Using cascade impaction data
Once the raw data are gathered, the question arises of how best to use them to meet testing requirements. The industry has
a number of routinely applied metrics, including MMAD, fine particle dose or fraction (FPD or FPF), and geometric standard
deviation (GSD). Of these, MMAD, the particle size below which 50% of the particle population lies on the basis of mass, is
probably the most widespread, although acceptance criteria are typically based on mass-per-stage or fine particle dose (FPD)
applicable to the active. Together, MMAD and GSD locate the central point of the APSD and describe its spread, thereby summarising
the key features of what is most often a monomodal particle-size distribution.
During drug development, the aim is to formulate towards a predetermined delivery of the active. The particle-size distribution
of the delivered dose is closely connected with the delivery efficiency because it influences deposition within the lungs.
In general, particles above 5 μm in diameter are considered too large for pulmonary deposition; for the deep lung, even finer
particles may be preferred, perhaps 2–3 μm (3). The lower size limits of OINDP formulations are usually of much less concern,
although research suggests that a high proportion of sub-micron particles may be an effective means of achieving bronchodilation,
thereby enhancing the efficiency of drug delivery (4).
APSD data support the manipulation of a device or formulation towards desirable performance. FPD or fine particle fraction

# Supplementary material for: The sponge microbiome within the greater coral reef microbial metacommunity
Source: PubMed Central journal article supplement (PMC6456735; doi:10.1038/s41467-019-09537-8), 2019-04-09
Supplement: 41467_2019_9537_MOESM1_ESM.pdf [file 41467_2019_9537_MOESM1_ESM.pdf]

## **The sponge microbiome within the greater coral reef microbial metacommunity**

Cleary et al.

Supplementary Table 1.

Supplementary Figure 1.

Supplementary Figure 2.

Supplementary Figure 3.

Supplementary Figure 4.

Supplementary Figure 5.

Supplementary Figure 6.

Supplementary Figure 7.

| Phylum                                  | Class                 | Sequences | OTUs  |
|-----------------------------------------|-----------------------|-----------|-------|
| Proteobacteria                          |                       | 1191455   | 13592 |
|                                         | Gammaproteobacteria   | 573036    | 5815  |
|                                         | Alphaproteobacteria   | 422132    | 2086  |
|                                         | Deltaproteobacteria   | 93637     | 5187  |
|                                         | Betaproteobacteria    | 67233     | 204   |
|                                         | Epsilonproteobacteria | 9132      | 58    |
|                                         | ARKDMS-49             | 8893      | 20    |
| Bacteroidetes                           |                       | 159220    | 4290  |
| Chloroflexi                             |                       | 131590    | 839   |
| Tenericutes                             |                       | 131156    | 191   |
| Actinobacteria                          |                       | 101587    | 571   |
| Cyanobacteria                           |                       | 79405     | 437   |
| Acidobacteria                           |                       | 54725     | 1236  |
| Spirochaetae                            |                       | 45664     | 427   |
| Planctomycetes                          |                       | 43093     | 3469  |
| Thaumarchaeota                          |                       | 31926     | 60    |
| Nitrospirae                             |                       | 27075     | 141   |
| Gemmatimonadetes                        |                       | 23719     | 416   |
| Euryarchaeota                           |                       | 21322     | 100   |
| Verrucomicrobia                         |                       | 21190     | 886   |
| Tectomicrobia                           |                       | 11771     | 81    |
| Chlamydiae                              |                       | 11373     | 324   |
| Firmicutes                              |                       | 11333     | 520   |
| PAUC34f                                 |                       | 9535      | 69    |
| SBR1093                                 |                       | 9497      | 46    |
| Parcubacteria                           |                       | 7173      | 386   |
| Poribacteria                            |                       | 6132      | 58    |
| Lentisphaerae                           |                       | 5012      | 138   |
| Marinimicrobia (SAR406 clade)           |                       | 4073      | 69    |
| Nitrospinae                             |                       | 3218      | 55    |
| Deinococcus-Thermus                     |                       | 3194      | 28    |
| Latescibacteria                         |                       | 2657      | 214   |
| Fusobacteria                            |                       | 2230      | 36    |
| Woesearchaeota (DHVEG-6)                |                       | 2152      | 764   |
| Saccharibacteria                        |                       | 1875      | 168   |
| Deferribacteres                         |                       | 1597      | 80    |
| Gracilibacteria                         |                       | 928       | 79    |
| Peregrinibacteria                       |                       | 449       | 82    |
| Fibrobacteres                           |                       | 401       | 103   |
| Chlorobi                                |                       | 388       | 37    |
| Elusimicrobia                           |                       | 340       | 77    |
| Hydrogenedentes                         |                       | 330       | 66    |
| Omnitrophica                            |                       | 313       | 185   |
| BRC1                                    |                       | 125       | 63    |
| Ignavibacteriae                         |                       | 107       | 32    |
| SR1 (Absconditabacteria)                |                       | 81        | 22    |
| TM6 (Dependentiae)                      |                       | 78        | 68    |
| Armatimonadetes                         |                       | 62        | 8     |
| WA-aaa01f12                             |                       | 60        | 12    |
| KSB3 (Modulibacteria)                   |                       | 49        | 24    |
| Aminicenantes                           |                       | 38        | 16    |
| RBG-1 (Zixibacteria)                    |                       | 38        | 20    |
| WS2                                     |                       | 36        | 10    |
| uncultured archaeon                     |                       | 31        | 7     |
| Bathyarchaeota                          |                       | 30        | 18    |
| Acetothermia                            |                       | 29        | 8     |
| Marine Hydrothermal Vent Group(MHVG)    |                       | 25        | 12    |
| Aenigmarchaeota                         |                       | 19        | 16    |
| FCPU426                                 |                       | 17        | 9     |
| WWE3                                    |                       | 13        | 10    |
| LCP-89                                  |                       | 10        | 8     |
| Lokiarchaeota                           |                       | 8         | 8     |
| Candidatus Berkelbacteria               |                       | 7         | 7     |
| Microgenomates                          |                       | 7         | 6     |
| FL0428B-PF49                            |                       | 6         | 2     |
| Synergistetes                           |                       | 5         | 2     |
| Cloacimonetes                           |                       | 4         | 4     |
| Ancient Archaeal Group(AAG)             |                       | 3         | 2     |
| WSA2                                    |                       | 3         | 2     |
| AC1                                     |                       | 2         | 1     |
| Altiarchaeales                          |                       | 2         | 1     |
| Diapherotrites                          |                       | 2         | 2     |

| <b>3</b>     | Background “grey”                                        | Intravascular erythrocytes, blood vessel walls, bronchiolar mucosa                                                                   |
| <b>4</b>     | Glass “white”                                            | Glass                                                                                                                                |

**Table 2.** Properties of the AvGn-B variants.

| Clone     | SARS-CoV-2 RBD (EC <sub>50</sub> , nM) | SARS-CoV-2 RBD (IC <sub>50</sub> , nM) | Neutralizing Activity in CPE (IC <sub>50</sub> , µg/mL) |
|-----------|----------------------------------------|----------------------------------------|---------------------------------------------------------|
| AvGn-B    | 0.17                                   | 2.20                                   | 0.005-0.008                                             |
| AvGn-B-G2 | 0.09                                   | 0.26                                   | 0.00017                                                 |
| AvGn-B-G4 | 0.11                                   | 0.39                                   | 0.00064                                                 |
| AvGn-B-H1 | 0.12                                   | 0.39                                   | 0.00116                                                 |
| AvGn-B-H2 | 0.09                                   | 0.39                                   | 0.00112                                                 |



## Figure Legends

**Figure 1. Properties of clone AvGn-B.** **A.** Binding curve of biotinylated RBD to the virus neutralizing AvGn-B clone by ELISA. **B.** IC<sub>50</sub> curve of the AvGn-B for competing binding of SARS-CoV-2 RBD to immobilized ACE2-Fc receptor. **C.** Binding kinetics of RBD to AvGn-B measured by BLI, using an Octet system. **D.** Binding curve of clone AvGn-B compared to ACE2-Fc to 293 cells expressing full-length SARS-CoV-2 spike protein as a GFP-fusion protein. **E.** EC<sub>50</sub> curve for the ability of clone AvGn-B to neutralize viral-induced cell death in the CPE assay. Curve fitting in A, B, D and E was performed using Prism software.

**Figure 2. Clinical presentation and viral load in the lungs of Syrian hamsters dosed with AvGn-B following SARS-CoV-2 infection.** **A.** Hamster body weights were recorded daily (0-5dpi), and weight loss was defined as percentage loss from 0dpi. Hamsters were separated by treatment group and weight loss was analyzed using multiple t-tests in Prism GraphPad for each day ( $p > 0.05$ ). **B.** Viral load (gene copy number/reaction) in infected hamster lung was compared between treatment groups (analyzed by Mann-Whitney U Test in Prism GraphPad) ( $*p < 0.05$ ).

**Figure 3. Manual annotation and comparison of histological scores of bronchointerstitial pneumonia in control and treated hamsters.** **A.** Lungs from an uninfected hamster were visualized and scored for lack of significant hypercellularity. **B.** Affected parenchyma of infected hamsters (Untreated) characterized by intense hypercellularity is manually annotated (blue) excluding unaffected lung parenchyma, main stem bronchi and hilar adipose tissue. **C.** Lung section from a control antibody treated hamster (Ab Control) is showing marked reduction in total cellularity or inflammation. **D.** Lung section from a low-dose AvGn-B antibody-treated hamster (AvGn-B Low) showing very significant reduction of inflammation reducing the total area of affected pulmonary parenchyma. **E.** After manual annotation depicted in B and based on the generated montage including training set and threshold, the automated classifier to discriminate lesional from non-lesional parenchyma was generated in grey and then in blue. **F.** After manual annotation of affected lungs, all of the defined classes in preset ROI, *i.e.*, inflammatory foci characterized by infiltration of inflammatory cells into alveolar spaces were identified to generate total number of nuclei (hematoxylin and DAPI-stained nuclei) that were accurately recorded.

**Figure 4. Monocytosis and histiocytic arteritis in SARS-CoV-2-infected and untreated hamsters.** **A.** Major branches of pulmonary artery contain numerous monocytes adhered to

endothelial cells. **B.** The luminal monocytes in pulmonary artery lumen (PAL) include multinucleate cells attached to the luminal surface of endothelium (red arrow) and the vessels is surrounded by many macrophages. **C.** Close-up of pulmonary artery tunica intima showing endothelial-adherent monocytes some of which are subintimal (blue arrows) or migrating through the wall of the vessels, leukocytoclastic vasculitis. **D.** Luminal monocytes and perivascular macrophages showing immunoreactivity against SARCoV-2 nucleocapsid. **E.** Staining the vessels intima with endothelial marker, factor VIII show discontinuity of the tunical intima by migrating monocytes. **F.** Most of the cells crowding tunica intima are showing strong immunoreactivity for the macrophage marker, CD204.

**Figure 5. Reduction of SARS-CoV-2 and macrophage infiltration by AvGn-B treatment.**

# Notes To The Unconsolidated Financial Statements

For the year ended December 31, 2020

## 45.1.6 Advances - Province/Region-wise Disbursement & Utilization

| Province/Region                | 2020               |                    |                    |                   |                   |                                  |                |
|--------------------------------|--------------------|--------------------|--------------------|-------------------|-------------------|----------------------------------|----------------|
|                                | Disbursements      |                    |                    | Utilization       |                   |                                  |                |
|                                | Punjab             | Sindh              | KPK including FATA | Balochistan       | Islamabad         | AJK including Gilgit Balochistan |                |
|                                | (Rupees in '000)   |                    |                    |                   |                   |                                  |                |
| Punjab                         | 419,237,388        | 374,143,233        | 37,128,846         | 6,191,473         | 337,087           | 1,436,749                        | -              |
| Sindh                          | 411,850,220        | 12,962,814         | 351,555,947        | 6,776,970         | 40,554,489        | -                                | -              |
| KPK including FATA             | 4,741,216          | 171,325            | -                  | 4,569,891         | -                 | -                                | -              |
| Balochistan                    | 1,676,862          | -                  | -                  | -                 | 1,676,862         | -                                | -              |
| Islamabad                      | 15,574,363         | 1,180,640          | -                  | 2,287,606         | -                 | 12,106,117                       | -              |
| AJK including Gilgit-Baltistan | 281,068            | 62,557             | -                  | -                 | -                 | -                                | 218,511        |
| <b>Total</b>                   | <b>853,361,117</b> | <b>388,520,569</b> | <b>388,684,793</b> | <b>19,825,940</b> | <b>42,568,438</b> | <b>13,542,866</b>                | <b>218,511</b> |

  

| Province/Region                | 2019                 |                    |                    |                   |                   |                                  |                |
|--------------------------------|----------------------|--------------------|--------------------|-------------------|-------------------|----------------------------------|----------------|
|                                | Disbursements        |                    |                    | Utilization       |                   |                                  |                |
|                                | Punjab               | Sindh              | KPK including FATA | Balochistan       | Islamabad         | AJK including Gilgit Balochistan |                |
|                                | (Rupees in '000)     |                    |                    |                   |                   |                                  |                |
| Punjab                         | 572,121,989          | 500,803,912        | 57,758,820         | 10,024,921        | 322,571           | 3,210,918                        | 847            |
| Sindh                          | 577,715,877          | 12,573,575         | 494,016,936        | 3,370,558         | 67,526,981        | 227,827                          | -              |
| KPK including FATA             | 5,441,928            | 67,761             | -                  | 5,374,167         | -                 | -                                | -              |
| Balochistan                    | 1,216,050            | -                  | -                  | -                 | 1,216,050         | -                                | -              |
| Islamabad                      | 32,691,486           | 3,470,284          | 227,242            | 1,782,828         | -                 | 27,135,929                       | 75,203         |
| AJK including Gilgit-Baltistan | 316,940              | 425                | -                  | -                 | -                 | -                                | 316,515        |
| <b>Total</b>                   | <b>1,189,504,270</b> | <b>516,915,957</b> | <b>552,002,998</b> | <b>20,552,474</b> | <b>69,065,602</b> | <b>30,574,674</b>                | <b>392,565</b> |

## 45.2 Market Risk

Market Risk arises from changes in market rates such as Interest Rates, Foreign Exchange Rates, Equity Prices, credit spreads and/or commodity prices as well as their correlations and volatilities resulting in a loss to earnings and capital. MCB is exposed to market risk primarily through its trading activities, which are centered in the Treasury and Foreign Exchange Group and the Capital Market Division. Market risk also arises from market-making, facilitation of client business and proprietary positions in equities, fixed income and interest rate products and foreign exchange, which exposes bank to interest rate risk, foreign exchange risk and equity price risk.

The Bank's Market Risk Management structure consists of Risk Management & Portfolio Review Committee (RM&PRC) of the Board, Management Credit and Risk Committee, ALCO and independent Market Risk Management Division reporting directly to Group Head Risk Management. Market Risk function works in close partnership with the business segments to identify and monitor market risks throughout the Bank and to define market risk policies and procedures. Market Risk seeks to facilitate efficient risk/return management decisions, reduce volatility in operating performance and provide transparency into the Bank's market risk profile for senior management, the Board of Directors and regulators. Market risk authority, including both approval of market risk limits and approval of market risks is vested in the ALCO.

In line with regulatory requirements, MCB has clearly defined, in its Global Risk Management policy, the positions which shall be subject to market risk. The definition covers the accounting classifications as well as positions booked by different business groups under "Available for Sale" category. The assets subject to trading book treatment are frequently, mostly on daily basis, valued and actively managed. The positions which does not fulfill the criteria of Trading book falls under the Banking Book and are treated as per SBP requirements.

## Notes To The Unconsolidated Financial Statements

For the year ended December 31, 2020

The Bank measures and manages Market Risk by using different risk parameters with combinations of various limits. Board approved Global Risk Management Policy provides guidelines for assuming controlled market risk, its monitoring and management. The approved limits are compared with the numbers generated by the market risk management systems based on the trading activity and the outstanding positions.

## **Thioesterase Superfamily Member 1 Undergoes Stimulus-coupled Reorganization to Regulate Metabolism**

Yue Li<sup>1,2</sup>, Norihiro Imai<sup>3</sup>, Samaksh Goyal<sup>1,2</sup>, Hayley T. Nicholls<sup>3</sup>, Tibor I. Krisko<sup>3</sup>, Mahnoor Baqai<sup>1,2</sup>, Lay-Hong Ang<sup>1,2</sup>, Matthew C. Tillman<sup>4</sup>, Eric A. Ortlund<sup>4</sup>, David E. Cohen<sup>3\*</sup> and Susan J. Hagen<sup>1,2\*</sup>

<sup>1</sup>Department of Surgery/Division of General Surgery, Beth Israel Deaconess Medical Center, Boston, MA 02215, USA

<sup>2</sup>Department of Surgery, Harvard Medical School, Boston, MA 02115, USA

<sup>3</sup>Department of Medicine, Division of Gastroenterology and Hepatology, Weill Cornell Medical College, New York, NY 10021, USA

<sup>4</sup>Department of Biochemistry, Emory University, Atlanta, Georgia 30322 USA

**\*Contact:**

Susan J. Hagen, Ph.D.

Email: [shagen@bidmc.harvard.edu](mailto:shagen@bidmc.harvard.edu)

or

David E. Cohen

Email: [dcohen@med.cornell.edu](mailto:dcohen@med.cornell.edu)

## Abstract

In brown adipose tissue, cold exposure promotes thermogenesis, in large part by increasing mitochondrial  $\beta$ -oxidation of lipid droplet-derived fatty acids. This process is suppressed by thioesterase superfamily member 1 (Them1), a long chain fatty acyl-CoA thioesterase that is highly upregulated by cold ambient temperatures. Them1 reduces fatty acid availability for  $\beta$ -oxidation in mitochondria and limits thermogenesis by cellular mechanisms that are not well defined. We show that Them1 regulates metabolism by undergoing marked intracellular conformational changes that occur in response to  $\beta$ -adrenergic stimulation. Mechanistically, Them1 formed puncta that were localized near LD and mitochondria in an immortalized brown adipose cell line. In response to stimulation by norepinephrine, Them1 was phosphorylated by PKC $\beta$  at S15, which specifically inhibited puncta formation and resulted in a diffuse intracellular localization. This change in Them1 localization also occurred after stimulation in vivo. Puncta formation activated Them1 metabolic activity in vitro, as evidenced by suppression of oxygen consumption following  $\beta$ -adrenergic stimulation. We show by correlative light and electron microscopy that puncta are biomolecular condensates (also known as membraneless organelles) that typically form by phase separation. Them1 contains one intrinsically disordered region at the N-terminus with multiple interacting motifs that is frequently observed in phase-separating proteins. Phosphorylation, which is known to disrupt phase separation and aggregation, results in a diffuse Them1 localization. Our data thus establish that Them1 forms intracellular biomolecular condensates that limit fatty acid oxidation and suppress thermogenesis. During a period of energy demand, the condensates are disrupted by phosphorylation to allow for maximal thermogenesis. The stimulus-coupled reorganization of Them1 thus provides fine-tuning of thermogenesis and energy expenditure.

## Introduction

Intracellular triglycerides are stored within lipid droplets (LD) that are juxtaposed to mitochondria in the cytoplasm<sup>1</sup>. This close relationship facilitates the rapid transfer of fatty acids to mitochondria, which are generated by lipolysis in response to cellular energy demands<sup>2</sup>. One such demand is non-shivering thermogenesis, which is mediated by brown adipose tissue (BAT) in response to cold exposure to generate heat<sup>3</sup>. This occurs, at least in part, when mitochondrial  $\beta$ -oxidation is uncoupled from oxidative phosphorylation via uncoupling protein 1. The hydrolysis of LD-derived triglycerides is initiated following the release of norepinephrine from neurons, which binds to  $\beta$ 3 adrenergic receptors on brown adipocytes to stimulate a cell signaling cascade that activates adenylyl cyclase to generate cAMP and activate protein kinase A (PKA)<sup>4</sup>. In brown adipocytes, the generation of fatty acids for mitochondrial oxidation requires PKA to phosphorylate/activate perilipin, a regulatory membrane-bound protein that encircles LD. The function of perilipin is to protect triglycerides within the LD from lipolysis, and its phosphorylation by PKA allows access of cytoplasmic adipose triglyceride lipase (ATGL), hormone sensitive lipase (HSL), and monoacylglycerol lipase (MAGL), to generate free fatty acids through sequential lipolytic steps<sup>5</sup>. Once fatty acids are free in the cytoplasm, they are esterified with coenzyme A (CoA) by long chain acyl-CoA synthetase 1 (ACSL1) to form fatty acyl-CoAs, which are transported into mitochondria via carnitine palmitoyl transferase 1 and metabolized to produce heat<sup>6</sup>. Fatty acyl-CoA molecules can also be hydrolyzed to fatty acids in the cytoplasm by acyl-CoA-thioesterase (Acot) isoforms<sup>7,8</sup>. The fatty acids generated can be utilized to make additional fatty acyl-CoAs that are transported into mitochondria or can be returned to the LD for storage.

(FPF), the amount or fraction of the delivered dose that lies below the 5 μm range, is a useful metric; achieving an MMAD
of 2–3 μm is a frequent goal. A relatively low MMAD coupled with a low GSD is indicative of a tight size distribution centred
on a fine particle size, a potentially beneficial combination for efficient delivery.
Once a product transitions into manufacture, detecting any differences between manufactured material and the defined specification
becomes critical for quality assurance. The same metrics may be used to summarize APSD data because they focus attention on
those features of the distribution that are especially crucial in terms of the delivery to the patient and, by inference,
clinical efficacy. It is important to recognize, however, that regulators currently request full resolution data rather than
single number metrics to verify product quality, just as they do to support a new drug application.
Most testing, therefore, is comparative, against a predetermined target (i.e., development) or a specification (i.e., QC).
Overlaying two distributions shows up differences but not necessarily in a particularly informative way. However, the metrics
identified are indicative not only of the difference but also of relative performance, which explains their popularity.